Cold, bitter, frigid, arctic blast and of course polar vortex are words we are all hearing a lot of this week. You might be wondering, is this really THAT cold? The answer is maybe, but it depends where you are and how you look at the statistics.
First, the coverage of the cold air over so much of the country is notable. Often in November one section of the United States sees arctic air, but it’s unusual for two-thirds of the lower 48 to see this type of widespread outbreak of cold.
Over the past 7 days if we look at the entire country there have been a lot of cold records being set. The chart below shows for example, 1360 daily low maximum records. This means those places had cold high temperatures which were records. Simply put, those cities and towns saw their coldest daily highs ever recorded. These records are for a particular date, not all-time.
With so many records falling it’s not surprising we are hearing about it on the local and national news outlets and it’s front and center in many newspapers as well. You can follow my forecasts here and on Twitter @growingwisdom
The record cold highs have far outpaced the record warmth this year, but the overnight record lows are about half of the overnight record warmth. Part of the warm nights is likely heat island affect as many of the places where records are kept stay warmer at night with all the buildings, sidewalks etc. The chart below shows how many all-time records have been broken this year. Notice there have been some all-time cold records broken this week.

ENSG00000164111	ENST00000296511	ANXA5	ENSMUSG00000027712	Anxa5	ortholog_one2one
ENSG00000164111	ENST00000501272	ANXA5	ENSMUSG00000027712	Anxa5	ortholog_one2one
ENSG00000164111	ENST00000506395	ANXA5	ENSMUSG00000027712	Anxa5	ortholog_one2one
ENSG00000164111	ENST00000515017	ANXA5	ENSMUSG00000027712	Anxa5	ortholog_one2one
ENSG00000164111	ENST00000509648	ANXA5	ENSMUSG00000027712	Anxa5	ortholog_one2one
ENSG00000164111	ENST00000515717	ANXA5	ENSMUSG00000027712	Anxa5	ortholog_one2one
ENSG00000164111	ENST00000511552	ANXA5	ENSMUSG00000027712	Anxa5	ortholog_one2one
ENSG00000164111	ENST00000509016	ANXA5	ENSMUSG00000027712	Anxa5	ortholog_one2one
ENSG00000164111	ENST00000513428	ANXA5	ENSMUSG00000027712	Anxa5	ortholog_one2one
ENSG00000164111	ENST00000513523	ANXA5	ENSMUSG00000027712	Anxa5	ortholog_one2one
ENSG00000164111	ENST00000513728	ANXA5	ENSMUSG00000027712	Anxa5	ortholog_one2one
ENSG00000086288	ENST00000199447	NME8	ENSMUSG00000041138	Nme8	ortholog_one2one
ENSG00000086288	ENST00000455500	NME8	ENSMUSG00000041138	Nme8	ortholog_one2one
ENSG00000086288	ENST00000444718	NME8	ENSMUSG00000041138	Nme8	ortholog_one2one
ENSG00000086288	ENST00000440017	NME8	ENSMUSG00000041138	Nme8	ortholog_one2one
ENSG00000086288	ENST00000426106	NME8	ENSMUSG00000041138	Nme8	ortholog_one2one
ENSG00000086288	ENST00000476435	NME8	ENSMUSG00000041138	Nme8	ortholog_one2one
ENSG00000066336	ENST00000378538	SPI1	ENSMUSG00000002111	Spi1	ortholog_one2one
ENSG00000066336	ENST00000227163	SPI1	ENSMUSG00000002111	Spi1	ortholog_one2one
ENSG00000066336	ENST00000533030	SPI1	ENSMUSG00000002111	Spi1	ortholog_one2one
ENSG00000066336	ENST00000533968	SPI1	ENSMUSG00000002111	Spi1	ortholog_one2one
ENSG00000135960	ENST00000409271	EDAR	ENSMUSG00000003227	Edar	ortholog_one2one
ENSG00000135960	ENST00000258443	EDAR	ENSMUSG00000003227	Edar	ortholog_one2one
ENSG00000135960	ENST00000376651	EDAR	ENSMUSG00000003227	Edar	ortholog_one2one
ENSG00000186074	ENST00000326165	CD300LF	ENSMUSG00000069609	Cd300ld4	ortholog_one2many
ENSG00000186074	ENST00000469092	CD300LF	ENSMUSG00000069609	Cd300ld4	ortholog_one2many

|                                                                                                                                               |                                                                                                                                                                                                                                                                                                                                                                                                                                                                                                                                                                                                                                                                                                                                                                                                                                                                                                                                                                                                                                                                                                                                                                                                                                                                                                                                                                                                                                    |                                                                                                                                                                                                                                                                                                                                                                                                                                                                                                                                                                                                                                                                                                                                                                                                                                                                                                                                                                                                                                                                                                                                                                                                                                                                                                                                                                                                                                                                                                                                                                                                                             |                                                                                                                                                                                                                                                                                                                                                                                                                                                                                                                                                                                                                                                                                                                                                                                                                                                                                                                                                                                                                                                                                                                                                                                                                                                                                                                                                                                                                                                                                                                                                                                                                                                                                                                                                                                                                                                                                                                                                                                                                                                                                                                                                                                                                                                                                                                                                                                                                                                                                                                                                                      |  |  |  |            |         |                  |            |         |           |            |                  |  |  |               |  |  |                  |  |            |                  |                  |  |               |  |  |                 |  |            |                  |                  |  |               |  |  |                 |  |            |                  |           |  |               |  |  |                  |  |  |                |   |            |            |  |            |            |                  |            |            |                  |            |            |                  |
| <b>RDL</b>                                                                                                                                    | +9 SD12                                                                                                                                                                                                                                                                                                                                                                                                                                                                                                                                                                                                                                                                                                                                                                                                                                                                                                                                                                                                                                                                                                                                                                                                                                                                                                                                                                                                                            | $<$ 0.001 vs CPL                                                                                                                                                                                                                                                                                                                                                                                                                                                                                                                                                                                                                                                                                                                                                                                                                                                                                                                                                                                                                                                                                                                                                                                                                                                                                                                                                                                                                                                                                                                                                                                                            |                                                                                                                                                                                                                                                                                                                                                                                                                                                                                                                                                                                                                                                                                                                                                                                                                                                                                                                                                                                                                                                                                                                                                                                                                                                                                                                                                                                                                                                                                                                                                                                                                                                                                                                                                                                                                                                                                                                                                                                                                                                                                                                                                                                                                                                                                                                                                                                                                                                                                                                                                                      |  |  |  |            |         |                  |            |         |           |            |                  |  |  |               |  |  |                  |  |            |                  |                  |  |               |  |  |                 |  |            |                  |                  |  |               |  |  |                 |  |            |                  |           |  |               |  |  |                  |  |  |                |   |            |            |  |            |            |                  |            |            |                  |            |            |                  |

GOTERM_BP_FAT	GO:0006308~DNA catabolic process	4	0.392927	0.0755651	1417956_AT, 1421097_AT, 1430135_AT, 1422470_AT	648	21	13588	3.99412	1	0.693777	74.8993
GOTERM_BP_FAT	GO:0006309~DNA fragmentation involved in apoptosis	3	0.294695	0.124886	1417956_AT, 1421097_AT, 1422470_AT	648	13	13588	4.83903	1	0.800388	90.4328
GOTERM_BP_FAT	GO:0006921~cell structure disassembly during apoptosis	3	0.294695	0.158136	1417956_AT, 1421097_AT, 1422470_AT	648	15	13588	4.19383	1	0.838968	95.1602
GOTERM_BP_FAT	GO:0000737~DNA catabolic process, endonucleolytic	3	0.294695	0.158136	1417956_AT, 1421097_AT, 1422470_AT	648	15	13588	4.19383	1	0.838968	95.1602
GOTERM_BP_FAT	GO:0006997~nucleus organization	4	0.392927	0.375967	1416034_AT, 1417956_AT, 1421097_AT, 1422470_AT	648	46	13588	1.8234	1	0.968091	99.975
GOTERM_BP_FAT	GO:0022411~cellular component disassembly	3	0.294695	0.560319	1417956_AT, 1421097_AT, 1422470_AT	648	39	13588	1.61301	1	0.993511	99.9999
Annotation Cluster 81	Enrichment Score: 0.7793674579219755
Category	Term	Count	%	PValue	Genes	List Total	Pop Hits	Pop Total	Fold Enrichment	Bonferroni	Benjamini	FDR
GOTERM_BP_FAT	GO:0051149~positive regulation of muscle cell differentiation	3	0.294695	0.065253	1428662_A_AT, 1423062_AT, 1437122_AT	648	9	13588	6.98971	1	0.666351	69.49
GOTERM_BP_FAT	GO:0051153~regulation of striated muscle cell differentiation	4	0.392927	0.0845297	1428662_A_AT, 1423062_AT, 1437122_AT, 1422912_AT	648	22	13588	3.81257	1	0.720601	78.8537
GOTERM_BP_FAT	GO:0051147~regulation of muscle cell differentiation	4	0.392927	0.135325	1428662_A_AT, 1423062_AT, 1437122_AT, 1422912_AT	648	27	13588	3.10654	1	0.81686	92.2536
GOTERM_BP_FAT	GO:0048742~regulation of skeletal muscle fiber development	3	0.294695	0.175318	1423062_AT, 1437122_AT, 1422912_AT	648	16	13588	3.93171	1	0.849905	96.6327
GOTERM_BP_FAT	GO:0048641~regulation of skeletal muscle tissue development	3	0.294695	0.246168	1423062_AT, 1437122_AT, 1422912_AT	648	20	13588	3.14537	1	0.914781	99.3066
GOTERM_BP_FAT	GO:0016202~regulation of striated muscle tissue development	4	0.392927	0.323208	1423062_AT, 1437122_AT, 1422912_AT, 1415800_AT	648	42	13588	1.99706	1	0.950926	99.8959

Snow on the ground across the country pushed over 50% yesterday. This number is over double what we typically see this time of year and in comparison to the past decade it’s far above anything we’ve seen.
Last week parts of the Rocky Mountain States saw some record lows. You can see in the image below a few of those records. Some spots in Minnesota stayed under the freezing mark for longer than they had in decades this time of year.
This Week’s Cold
This current shot of cold air is coming farther east and impacting the east coast more than the previous outbreak. Locally temperatures will stay in the 30s 4 of the next 5 days. In terms of the past 20 years, this is cold.
The chart shows the number of days under 40 in Boston in November since 1994, the average is 2 and the maximum has been 6, that was last year. We could break that number in the next twelve days, but it would be tough. We will certainly be colder than the average.
Further, if you expand the period of record to include all the data the average jumps to 9 and the maximum goes up to 13! I can’t fit all those numbers since 1875 on one chart.
The cold does go into the Deep South as well. Florida has frost and freeze watches up for tonight and there are possible record cold temperatures being set in Alabama.
You can see some of the predicted cold readings and what the records are on the following graphic.
Here in New England I don’t expect many, if any, daily records to be set. In Boston the record low daily highs and the records lows are just way out of reach even in this particular pattern. This doesn’t mean you won’t be talking about the cold and saying things like “it’s too early for this” or “I’m not ready for this yet”.
We have short memories. Last year was also quite cold in November. The month averaged 2 degrees below normal. We had already had one day colder than anything we have seen this month so far. The data for November 2013 is below.
So what’s the bottom line on the cold? You decide, but dress warmly while you’re thinking about it.